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In Review

ASK THE ARCHIVISTFreshman Week, B. B. KingQuestions and answers with Melissa Mead, the John M. and Barbara Keil University Archivist and Rochester Collections Librarian.
archivistTHAT SPELLS ’68: In fall 1966, the women of the Class of 1968 hosted Frosh Camp for the freshmen of the Class of 1970 in the nearby Bristol Hills, where the juniors posed for a photo. (Photo: Rochester Libraries/Department of Rare Books, Special Collections, and Preservation)

Need History?

Do you have a question about University history? Email it to rochrev@rochester.edu. Please put “Ask the Archivist” in the subject line.

Remembering a Library Patron

Barbara Keil, a longtime supporter of the University’s libraries whose contributions were recognized with the naming of the University archivist position, died this summer. She was 93. Established in 2002 in honor of the generosity of Barbara and her husband, Jack Keil ’44, a life trustee of the University, the position was first held by Nancy Martin ’65, ’94 (MA).

“It is my honor to be the second John M. and Barbara Keil University Archivist and Rochester Collections Librarian,” says Melissa Mead, who was appointed to the position in 2012. “I remember their generosity every day.”

The picture of the freshman women (“girls” back in those days) getting on the bus brought back fond memories of my orientation in the fall of ’64 (Class Notes, July-August). I remember we went to a camp (somewhere in the Finger Lakes I’ve always assumed), and I’ve always wondered what camp it was.—Ann Finger ’68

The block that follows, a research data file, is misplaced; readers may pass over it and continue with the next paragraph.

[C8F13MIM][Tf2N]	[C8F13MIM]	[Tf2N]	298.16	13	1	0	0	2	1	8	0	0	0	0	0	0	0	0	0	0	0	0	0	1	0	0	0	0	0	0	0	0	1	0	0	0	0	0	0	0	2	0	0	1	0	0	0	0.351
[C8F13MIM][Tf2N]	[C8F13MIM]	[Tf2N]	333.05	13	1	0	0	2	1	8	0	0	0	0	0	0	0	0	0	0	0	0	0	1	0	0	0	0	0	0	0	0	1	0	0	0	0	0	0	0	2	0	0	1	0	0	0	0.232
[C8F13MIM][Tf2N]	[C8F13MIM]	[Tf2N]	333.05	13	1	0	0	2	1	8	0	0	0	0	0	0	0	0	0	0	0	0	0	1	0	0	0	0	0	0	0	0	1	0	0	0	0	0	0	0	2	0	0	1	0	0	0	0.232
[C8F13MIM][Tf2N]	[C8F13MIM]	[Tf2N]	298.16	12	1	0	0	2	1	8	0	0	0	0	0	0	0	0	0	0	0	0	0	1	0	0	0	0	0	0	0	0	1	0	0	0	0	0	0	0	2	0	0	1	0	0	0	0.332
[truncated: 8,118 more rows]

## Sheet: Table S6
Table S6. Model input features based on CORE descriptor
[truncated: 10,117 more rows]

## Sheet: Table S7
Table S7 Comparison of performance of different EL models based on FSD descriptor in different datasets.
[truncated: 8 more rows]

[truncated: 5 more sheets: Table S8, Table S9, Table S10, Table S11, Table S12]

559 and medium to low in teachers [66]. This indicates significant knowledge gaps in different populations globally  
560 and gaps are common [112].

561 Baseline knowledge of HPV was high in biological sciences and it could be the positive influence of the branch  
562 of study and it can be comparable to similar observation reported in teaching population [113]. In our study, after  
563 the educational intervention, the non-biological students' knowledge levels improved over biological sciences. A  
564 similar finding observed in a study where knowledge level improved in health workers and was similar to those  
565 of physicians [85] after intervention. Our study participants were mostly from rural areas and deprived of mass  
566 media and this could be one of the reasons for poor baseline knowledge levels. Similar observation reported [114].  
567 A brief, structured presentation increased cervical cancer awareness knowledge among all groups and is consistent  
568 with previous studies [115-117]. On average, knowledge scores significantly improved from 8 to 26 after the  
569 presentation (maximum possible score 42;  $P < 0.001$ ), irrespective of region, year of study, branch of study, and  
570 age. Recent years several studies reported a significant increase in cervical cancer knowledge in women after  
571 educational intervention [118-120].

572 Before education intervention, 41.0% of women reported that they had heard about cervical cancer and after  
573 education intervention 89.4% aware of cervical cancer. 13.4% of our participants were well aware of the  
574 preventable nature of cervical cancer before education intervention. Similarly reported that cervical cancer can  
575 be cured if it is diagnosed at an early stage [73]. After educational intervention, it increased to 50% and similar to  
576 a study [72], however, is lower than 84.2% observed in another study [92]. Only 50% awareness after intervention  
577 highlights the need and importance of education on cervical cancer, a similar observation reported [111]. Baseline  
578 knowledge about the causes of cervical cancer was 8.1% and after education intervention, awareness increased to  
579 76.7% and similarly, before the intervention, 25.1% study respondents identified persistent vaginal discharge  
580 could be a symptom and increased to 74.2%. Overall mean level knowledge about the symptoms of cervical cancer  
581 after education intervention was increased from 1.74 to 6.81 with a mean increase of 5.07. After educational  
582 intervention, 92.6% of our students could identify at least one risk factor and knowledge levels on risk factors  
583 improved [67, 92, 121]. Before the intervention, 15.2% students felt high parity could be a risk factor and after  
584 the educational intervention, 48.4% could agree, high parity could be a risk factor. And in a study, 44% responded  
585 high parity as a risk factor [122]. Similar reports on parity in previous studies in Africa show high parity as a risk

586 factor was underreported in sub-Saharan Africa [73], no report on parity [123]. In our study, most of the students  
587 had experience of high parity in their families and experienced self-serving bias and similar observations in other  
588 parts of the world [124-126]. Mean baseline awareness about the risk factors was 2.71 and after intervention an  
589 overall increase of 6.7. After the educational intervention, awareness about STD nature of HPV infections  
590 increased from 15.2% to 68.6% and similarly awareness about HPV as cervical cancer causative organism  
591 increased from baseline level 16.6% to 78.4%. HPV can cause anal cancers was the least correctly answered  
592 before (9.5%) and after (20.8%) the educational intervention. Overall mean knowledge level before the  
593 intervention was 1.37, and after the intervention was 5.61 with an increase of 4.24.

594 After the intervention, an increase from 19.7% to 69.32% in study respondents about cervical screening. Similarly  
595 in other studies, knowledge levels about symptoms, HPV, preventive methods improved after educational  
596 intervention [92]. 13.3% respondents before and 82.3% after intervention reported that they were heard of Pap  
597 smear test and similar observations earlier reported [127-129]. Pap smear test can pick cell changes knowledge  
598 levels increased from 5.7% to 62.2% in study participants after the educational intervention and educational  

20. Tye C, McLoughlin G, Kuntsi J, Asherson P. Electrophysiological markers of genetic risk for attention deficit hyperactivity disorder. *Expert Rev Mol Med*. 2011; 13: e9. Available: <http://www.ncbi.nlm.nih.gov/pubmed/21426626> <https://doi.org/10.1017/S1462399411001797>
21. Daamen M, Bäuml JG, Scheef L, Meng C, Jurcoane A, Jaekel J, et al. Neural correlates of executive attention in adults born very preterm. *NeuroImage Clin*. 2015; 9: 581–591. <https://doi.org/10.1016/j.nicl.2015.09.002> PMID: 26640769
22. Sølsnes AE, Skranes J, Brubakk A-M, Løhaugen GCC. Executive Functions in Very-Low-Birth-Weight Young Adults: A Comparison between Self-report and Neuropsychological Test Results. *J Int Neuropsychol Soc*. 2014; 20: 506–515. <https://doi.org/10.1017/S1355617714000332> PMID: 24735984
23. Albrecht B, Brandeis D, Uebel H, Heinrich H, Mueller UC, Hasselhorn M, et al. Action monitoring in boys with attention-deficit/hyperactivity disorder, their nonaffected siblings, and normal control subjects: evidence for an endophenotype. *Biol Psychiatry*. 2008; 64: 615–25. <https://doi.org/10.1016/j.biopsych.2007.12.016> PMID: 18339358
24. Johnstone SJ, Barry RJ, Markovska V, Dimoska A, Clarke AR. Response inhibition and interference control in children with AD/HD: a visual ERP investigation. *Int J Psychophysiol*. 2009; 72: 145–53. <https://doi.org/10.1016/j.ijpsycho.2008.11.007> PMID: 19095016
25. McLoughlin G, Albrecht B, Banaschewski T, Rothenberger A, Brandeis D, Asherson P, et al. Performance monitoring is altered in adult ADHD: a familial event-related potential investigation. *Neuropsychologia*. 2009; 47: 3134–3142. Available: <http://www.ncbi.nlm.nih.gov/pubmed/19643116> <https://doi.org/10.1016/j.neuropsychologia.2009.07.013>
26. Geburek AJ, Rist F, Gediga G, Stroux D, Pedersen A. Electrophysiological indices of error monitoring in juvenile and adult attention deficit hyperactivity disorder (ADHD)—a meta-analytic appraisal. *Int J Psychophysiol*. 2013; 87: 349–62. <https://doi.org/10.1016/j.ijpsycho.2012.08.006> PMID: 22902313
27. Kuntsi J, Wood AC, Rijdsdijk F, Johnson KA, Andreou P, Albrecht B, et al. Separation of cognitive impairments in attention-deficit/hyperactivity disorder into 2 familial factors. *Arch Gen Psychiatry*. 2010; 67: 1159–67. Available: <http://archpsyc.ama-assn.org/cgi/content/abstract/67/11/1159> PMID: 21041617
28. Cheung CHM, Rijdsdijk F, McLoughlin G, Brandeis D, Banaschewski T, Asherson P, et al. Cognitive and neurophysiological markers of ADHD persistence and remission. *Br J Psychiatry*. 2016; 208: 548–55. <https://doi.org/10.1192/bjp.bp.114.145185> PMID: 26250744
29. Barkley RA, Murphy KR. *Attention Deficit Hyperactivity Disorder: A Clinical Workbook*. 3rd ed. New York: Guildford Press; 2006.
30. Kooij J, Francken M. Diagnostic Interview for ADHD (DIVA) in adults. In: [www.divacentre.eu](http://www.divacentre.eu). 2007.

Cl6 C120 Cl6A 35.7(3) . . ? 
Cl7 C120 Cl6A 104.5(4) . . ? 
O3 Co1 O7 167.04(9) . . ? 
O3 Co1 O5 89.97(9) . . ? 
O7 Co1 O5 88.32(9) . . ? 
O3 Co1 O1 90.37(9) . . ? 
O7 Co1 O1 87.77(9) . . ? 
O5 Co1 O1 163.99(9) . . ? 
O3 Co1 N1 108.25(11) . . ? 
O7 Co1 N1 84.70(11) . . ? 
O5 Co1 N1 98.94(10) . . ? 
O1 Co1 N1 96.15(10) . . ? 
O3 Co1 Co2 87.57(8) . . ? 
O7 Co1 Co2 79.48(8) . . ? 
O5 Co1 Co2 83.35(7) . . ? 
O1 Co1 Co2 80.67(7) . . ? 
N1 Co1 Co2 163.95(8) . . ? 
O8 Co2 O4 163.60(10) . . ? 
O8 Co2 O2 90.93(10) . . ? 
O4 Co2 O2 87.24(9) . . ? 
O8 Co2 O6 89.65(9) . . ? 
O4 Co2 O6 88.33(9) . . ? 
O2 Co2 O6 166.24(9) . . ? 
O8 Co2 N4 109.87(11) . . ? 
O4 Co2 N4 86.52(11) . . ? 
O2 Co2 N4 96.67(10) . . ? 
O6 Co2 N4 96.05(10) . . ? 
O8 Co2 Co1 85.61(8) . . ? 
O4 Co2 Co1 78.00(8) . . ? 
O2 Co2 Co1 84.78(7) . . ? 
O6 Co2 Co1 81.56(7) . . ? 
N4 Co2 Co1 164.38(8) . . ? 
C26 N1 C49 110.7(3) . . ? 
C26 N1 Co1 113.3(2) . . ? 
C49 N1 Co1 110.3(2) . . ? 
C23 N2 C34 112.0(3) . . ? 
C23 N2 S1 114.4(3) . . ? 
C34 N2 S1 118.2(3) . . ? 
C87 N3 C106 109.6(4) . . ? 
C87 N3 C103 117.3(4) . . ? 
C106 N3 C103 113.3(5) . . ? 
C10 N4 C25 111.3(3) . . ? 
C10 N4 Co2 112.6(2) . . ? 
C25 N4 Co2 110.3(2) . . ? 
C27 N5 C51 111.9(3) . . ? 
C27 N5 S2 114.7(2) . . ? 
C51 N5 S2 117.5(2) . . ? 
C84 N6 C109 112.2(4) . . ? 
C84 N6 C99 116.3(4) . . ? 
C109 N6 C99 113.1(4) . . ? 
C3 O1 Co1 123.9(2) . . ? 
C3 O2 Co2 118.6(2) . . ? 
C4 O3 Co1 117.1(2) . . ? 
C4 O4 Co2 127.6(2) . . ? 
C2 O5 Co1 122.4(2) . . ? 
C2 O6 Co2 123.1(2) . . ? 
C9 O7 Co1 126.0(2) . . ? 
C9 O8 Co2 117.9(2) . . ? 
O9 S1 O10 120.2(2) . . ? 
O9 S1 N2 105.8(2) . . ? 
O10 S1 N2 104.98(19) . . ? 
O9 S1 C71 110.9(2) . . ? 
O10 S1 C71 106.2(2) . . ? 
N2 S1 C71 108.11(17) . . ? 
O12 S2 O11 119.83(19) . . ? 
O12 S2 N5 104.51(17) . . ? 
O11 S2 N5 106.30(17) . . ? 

A mere two days after arriving on campus, the women of the Class of 1968 left for the Bristol Hills and Letchworth Camp, run by the 4-H. There they learned University songs and traditions, hiked, and played games, and were back on the River Campus by 11 a.m. the next day for registration.

In 1966, the juniors of the Class of 1968 would host the freshmen of 1970 and pose for the photograph at the top of this page.

Freshman Week dates to 1918, according to a 1926 Rochester Review; the tradition of Frosh Camp began in 1924, when 29 freshman men, 11 upperclassmen, and one member of the faculty traveled to the YWCA’s Camp Cory on Keuka Lake.

At the same time, women students were attending a three-day “house-party” at Camp Wacona at the Sea Breeze amusement park on Lake Ontario, hosted by members of the junior class. In 1926, one feature of the event was a re-enactment of the history of the University with one junior portraying President Anderson, while another took the role of Azariah Boody’s cow.

In 1938, the Democrat and Chronicle reported that Frosh Camps for the men were to be discontinued, in the belief that the camp experience was unnecessary in light of the facilities available at the River Campus, then eight years old.

Camp continued for the women students, even after the colleges for men and women merged in 1955. The location changed for the women through the years, and included the Rotary’s Sunshine Camp and the YWCA’s Camp Onanda at Canandaigua Lake. Class of 1954 alumna Carol Cronk Stoesen wrote in her scrapbook, “Frosh Camp was really loads of fun. Really a terrific way to meet the kids who will become one’s life-long friends.”